Reverend NORFUL: (singing) Not a second or another minute. Not an hour of another day. Lord, Lord at this moment with my arms outstretched God we need you to make a way as you have done so many times before. Sometimes through a window or an open door, Lord I stretch my hands to you. Come rescue me. I need right, right away. I need you now. I need you now. I need you now. I need you now. Lord I need you right now Lord. I don't want to wait. I don't want to wait another second or another minute. Not an hour of another day. Lord, I need you. I need you right, right away.

(Soundbite of applause)

Unidentified Man 3: Halleluiah.

MARTIN: "I Need You Now." Smokie Norful. He's here with us at NPR's Studio 4A in Washington, D.C. And if you're just joining us you're listening to TELL ME MORE from NPR News.

I think that song's bringing up a lot for people here. I think...

(Soundbite of laughter)

MARTIN: ... I think it's bringing up a lot. Yes. I think so. Might I ask though, in addition to your singing career, you are minister of Victory Cathedral Worship Center in Illinois. You're a husband, a father, as we've discussed, a son. You know typically we ask women this, you know, how do you do it all?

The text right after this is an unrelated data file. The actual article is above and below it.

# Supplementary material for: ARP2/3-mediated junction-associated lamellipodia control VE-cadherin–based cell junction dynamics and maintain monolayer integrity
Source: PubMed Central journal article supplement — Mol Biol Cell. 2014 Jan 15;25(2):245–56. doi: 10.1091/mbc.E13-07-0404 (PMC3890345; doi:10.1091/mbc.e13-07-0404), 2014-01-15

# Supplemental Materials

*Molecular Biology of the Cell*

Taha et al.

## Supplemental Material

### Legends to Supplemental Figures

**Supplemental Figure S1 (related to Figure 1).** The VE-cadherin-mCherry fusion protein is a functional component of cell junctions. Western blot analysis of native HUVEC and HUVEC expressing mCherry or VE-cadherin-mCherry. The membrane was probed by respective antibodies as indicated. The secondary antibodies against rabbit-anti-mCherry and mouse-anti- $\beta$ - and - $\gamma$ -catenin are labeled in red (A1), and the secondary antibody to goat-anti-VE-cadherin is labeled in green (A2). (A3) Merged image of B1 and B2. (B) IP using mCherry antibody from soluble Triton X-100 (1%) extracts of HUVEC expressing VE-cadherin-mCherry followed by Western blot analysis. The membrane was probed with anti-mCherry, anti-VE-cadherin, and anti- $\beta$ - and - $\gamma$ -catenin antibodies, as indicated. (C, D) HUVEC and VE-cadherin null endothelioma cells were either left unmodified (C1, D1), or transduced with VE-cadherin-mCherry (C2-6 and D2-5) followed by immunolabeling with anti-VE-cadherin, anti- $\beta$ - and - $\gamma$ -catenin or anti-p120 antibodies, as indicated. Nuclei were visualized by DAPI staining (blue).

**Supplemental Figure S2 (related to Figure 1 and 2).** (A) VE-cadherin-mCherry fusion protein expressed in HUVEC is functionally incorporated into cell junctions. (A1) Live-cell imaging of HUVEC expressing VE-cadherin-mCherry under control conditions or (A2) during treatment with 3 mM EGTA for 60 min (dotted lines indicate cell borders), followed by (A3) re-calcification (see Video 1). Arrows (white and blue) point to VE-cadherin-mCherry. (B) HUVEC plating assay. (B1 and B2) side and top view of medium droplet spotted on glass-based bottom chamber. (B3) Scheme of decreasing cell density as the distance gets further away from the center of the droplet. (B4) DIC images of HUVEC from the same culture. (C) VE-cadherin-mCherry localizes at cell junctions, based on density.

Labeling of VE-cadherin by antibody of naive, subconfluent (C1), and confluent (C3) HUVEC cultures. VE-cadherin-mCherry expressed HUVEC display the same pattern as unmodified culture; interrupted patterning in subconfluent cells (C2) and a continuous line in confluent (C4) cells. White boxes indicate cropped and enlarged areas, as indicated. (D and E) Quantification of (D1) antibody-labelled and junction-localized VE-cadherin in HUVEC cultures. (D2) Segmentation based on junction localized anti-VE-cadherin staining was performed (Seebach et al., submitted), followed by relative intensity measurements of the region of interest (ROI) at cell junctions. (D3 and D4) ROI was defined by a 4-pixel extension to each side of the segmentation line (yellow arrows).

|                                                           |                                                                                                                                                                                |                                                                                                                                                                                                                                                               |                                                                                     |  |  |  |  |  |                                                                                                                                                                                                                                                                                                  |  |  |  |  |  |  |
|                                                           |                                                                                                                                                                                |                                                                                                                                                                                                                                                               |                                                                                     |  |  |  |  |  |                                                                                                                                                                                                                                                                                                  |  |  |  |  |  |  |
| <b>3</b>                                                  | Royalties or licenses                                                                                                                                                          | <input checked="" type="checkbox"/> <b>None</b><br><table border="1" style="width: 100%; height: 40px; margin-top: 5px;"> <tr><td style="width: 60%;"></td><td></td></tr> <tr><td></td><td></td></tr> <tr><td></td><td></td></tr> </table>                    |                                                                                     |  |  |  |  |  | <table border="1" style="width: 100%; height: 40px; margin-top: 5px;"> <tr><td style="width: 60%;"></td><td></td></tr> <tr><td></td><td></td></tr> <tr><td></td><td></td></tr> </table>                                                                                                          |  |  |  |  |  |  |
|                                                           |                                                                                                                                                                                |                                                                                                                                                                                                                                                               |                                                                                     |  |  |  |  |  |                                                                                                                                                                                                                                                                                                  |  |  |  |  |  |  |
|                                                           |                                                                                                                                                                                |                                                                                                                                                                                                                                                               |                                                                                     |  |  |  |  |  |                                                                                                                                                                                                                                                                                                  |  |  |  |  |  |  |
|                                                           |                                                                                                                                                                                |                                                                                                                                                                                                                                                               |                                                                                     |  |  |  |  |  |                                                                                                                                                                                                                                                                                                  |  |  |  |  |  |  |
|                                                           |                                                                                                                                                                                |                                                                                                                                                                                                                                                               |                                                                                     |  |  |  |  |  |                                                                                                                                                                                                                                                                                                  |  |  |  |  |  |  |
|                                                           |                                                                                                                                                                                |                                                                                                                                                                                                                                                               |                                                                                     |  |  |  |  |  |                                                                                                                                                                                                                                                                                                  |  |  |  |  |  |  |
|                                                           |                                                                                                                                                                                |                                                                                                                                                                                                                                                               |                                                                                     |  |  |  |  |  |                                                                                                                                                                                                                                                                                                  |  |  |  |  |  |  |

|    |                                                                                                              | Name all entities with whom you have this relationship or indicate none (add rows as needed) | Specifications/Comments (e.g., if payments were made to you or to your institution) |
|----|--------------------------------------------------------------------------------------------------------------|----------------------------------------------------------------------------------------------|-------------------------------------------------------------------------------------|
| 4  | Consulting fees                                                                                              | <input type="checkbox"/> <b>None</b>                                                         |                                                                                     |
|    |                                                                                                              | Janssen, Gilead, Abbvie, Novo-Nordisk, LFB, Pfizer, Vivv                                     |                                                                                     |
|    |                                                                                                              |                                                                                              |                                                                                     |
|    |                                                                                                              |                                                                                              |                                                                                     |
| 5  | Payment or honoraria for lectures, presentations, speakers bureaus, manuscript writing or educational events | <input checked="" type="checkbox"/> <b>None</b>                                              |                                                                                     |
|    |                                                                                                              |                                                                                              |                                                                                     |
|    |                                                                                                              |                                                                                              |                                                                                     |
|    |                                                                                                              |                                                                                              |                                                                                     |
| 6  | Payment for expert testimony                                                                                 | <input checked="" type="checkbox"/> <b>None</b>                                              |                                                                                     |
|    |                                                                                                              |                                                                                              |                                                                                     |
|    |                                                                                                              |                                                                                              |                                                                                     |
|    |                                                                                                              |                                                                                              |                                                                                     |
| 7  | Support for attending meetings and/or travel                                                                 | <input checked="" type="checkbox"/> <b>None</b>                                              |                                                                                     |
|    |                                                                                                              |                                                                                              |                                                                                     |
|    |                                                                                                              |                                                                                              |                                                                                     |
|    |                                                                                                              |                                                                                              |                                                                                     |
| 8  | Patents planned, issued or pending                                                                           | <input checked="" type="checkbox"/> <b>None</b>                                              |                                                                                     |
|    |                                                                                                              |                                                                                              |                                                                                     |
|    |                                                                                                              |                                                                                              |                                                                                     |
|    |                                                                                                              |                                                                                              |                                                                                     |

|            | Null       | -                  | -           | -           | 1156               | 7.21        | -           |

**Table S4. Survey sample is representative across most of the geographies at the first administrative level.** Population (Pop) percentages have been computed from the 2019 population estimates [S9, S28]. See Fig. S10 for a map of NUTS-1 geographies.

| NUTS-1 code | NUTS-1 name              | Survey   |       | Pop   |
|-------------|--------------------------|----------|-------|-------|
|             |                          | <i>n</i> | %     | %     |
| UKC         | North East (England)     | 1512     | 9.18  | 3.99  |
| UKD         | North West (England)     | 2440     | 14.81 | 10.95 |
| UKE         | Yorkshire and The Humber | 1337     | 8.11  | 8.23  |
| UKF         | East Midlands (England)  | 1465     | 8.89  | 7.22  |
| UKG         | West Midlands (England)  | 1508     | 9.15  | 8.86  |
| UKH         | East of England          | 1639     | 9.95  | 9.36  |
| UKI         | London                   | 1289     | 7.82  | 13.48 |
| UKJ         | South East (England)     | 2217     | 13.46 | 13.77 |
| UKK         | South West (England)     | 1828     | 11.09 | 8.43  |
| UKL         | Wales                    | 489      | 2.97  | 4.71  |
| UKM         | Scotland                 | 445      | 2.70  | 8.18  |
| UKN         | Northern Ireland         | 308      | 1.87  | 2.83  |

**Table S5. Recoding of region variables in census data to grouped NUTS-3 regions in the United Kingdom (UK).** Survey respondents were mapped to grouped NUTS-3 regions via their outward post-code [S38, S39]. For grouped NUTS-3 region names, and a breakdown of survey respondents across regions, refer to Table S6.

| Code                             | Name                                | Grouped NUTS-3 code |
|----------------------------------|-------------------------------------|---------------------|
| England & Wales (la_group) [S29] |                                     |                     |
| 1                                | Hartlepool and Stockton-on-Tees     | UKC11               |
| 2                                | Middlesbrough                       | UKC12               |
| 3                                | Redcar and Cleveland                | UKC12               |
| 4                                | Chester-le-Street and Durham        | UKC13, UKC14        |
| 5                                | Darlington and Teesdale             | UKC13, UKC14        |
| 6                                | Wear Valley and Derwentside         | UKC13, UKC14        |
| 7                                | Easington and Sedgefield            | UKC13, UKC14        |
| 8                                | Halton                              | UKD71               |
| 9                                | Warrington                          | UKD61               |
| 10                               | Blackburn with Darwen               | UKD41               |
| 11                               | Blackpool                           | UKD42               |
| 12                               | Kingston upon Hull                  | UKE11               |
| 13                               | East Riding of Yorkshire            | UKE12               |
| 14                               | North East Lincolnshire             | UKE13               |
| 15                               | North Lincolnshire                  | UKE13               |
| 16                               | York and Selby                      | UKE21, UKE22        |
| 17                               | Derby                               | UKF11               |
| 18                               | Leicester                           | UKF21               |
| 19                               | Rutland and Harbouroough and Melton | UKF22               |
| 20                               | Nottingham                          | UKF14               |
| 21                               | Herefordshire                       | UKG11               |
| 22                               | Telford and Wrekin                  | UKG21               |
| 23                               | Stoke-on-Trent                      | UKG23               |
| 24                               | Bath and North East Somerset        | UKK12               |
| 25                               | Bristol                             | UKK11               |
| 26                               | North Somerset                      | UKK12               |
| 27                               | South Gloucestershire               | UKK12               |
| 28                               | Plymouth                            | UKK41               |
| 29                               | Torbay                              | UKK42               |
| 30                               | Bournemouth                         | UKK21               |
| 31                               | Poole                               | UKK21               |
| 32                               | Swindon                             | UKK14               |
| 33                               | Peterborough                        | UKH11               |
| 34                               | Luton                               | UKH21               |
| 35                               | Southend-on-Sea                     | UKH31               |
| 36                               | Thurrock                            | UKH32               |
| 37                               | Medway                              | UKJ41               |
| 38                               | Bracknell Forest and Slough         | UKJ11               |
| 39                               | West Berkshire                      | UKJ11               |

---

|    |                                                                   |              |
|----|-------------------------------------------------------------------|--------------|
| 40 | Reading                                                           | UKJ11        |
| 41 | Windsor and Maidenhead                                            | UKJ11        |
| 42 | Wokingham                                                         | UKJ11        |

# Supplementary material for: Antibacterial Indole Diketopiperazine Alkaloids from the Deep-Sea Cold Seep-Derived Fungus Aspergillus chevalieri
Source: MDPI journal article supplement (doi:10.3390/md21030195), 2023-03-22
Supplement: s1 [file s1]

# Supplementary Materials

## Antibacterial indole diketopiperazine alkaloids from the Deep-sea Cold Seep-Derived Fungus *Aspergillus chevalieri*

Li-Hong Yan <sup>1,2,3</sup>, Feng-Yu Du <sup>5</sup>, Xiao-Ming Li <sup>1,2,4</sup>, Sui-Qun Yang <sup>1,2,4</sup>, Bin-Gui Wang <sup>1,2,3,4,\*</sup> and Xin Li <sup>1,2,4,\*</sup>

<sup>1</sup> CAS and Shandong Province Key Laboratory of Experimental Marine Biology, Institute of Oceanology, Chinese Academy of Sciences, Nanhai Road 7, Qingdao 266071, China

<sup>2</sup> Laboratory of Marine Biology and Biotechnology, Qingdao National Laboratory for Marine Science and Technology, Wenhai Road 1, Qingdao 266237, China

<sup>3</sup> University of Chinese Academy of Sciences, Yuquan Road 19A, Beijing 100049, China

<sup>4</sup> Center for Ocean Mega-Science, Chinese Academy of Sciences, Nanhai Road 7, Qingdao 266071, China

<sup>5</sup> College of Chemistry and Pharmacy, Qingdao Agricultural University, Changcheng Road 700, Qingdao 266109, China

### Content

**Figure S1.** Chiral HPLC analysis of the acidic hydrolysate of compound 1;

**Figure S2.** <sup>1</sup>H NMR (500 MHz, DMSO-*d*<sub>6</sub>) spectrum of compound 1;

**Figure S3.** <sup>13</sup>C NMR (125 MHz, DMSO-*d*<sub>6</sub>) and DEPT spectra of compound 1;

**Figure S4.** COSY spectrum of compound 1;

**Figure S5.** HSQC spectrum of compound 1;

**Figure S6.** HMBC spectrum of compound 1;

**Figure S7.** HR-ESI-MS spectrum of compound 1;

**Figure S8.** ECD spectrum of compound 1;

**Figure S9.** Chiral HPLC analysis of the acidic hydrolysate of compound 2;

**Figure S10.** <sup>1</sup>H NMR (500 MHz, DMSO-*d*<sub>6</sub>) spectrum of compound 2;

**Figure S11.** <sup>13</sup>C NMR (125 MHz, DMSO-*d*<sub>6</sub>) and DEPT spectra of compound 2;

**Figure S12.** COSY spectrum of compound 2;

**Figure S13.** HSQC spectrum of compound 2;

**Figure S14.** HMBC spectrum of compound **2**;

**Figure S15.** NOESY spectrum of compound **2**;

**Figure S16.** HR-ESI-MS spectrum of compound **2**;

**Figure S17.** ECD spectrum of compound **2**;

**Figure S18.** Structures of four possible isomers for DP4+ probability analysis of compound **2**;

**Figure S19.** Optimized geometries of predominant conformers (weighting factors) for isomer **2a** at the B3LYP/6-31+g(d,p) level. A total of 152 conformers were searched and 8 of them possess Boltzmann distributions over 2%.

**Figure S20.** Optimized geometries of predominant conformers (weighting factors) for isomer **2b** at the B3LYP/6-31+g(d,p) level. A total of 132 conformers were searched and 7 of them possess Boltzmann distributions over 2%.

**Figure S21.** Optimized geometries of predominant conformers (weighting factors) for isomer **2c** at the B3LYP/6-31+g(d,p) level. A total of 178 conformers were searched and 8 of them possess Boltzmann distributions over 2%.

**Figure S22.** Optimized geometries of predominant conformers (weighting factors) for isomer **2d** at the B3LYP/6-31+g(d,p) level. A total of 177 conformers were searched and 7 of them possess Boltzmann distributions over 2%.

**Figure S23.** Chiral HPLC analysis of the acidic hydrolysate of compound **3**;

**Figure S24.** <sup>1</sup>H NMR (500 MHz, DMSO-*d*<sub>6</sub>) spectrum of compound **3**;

(Soundbite of laughter)

MARTIN: But you know pastoring is very hands-on...

Reverend NORFUL: It is. Mm-hmm.

MARTIN: ... in the way being a mother is or a father is.

Reverend NORFUL: It is. Nurturing.

MARTIN: Nurturing.

Reverend NORFUL: Hovering(ph).

MARTIN: And, of course, the singing and recording career, very demanding. And so how do you do it all? How are you faithful to all these responsibilities?

Reverend NORFUL: You know I say prayerfully, carefully, strategically. That's the three principals I think that are absolutely essential for me to be able to do all that is on my plate. You know, one of the things that I've done is prioritize, and I have had to do that since I first came into the music industry. I did not want to be a recording artist who barely knew his family, and whose family barely had, you know, access to him. So priority for me first and foremost has always been my family. I want my sons, and my daughter, and my wife, I want them to know you know me in the home.

MARTIN: How do you keep yourself humble?

Reverend NORFUL: Taking...

MARTIN: I mean you are in a position where people could be kissing your you know what all day long.

(Soundbite of laughter)

MARTIN: And the more successful you get the more that...

Reverend NORFUL: Yes.

MARTIN: ... becomes true.

Reverend NORFUL: You're right.

MARTIN: So...

Reverend NORFUL: It's attributed partially to being parented well. My mother and father, they did an exceptional job because they knew that I was a gifted child, of making sure that remained normal and that I had a normalcy in my childhood, and that also that remained humble. And nobody humbles you like your family. You know, when I go home it's not, you know, oh my god, it's Smokie Norful, the recording artist. It's daddy, I'm hungry. You know I want a new bike. Where you been? Did you make enough money? My son asked me that on the phone last night. Did you make enough on the new CD? Did you sell enough CD's to buy my dirt bike yet? You know, so...